where do you go?'

he said as he saw them there.

'I hope you bring many good things

to the girls and boys everywhere.'



was the little boy's name,

in case you'd like to know.

He loved surprising others with gifts

and seeing their faces glow.


Then he would hide

and no one would know
the one who loved them,

who loved them so.


Once a father

had grown so poor

as to sell his daughters three."

"I thought slavery was illegal," the boy interjected.

"It is today, but," the mother answered. "In those days it was legal."

"Didn't they know it's wrong?"

"Some did," she said thoughtfully, "like Nicholas." She continued the story:

"Three nights

to his window Nicholas came

with gold to keep them free.



went to church one day

and all the people stood:

'You have a heart like God's,'

they said,

'A heart that is so good.

Will you be our bishop

And lead us as God would?'


When Nicholas died

God welcomed him

to heaven's great applause:


'Well done, well done,

good Nicholas,

for serving well my cause.'


Now every Christmas

Nicholas comes with gifts

for girls and boys.

You know his name as Nicholas,

But it's also Santa Claus.


O Good St. Nicholas, children's friend,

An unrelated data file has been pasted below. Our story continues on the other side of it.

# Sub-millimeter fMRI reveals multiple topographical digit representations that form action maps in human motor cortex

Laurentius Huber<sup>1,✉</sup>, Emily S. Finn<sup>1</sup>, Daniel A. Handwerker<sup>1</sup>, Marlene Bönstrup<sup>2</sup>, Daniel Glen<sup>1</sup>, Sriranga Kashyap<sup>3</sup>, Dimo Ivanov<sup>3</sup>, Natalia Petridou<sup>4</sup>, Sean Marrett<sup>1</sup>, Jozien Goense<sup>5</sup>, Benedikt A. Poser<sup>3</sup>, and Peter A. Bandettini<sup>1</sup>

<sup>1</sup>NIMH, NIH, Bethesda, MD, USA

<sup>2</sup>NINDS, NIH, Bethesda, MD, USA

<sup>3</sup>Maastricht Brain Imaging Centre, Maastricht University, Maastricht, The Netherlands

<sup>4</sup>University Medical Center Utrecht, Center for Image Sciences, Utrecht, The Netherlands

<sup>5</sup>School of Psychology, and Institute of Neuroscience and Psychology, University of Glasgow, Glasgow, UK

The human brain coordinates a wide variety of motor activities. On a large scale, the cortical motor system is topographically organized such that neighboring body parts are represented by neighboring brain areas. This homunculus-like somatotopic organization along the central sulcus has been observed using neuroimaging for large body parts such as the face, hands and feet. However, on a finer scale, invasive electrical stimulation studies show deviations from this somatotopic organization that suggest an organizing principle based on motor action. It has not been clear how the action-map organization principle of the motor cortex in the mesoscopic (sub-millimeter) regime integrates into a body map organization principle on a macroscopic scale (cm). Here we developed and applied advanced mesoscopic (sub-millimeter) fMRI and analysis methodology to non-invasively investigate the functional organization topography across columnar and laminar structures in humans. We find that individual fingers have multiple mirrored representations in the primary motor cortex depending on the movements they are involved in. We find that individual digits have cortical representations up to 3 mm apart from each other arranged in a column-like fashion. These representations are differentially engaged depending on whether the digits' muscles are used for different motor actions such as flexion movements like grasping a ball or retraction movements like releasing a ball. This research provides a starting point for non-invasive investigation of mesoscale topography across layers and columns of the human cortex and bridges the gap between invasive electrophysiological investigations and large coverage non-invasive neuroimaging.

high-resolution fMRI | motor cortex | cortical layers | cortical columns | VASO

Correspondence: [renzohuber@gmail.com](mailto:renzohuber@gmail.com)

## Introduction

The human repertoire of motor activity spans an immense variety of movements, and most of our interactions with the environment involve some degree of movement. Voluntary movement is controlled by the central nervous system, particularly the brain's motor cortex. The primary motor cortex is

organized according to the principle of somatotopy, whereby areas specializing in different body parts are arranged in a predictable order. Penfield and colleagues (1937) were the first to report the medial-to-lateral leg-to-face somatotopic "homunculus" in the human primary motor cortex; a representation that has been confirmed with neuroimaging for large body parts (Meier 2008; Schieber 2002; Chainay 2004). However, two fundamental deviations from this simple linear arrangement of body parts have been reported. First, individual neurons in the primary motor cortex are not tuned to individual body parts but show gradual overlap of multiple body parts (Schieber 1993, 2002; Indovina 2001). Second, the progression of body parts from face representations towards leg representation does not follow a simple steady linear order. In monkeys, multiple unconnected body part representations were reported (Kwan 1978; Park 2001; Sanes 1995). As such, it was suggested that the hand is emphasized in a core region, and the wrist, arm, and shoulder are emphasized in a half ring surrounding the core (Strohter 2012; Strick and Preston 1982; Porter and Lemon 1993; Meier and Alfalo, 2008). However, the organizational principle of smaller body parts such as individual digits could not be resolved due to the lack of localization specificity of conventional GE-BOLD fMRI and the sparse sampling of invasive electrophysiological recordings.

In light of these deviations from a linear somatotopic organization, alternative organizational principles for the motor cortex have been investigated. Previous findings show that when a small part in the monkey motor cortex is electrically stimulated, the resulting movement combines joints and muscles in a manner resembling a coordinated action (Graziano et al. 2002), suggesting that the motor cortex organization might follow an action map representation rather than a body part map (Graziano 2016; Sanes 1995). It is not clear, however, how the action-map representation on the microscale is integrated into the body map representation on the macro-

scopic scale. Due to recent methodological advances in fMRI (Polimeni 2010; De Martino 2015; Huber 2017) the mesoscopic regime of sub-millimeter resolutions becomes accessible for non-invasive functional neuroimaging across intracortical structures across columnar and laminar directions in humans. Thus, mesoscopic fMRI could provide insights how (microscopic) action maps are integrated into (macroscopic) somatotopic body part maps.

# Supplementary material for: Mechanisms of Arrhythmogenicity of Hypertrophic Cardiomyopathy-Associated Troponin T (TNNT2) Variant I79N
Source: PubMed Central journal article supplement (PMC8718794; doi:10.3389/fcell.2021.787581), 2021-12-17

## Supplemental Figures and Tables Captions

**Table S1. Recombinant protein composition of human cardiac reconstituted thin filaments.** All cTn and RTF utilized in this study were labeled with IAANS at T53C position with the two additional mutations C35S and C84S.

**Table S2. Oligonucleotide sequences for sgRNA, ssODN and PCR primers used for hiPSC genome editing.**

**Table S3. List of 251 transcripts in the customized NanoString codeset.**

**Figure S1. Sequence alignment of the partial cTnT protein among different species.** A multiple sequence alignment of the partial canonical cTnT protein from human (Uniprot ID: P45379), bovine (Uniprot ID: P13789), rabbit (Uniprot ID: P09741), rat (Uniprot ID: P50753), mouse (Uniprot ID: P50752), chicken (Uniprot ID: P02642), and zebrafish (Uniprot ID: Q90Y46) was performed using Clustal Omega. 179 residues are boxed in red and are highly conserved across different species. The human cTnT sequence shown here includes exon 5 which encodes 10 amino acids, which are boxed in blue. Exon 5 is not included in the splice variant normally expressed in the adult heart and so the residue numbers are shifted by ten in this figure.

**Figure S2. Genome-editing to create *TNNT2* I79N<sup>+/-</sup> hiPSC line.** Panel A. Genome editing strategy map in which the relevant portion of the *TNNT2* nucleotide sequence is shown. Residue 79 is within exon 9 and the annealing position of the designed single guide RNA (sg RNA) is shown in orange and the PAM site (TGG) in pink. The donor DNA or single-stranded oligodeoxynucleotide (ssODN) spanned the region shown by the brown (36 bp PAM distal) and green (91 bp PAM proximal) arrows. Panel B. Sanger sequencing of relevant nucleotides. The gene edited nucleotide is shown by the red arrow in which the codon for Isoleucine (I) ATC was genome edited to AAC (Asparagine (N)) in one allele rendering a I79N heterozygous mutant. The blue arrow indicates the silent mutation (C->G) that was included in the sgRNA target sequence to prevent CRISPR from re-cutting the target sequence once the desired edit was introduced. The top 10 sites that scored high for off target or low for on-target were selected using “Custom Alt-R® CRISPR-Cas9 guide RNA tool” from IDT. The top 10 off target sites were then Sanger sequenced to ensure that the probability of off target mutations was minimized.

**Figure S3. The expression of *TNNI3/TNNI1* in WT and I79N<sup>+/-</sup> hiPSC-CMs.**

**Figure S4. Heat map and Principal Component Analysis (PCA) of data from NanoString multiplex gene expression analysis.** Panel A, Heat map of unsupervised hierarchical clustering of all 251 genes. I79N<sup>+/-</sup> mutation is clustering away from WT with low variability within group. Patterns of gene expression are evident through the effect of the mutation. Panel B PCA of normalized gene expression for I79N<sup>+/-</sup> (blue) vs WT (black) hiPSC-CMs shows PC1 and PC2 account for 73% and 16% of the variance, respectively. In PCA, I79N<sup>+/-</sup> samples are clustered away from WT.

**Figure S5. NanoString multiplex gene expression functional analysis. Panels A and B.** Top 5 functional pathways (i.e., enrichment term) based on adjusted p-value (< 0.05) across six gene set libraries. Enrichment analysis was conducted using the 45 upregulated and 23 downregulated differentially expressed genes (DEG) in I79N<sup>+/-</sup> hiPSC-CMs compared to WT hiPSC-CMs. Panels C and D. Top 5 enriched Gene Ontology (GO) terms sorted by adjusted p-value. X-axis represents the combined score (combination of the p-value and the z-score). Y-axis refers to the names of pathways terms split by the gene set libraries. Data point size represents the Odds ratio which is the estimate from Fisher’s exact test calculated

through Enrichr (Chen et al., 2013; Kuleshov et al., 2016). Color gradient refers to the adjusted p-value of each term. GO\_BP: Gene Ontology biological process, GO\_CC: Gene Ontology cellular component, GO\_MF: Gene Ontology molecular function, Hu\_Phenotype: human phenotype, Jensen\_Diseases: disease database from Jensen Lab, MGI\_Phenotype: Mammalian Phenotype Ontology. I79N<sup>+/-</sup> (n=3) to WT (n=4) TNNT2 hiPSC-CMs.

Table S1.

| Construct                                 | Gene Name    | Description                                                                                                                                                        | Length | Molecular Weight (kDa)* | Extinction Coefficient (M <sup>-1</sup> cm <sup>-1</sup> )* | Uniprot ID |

friend of girls and boys,

through the clouds come again,

and fill your bag with toys.


Give me too a giving heart,

for loving others too,

I want to know how good it is

to give good gifts like you."

The mother closed the book and replaced it on the boy's bedside table. The boys eyes were drooping. Yawning, he said, "Ich liebe dich, Mutti."

She kissed his forehead. "Ich liebe dich auch." She made sure he was tucked in and checked that his little nightlight was on. "Gute Nacht!" A quiet "Gute Nacht," came from the almost-asleep child. The mother closed the door, making sure it didn't make the loud clicking noise it usually did.

She changed into plaid flannel pajamas and moved quietly through their small home. She sat in the living room and tuned into The Holiday. But she soon fell asleep on the couch.

Early the next morning, the little boy jumped out of bed and quickly opened his door. He looked into his boot, a grin on his face. It was filled mostly with candy of the chocolate persuasion. Right on top of the boot was a stuffed grey wolf.

He ran to his mother's room opening his mouth to announce the new morning, but she wasn't in bed. He ran into the living room and saw her curled up on the couch. He shook her shoulder and shouted, "It's St. Nicholas' Day, Mutti! Get up!" His mother grumbled and buried her face into the couch pillow. "St. Nicholas came!"

She opened her eyes and bid him a happy St. Nicholas' Day. Then she panicked. She forgot to fill his boot! Oh, no. It took another minute to for her brain to catch up with what her son said. Her eyebrows furrowed. He came? But he's not alive!

The little boy pulled her up by the arm and led her to his room to show her his presents. There they were. "See, he gave me Wolfie too! I was a good boy."

She could only give the automatic reply: "Yes, you were."

Her heart filled with wonder. Bemusedly she thought, Yes, Virginia, there is a Santa Claus.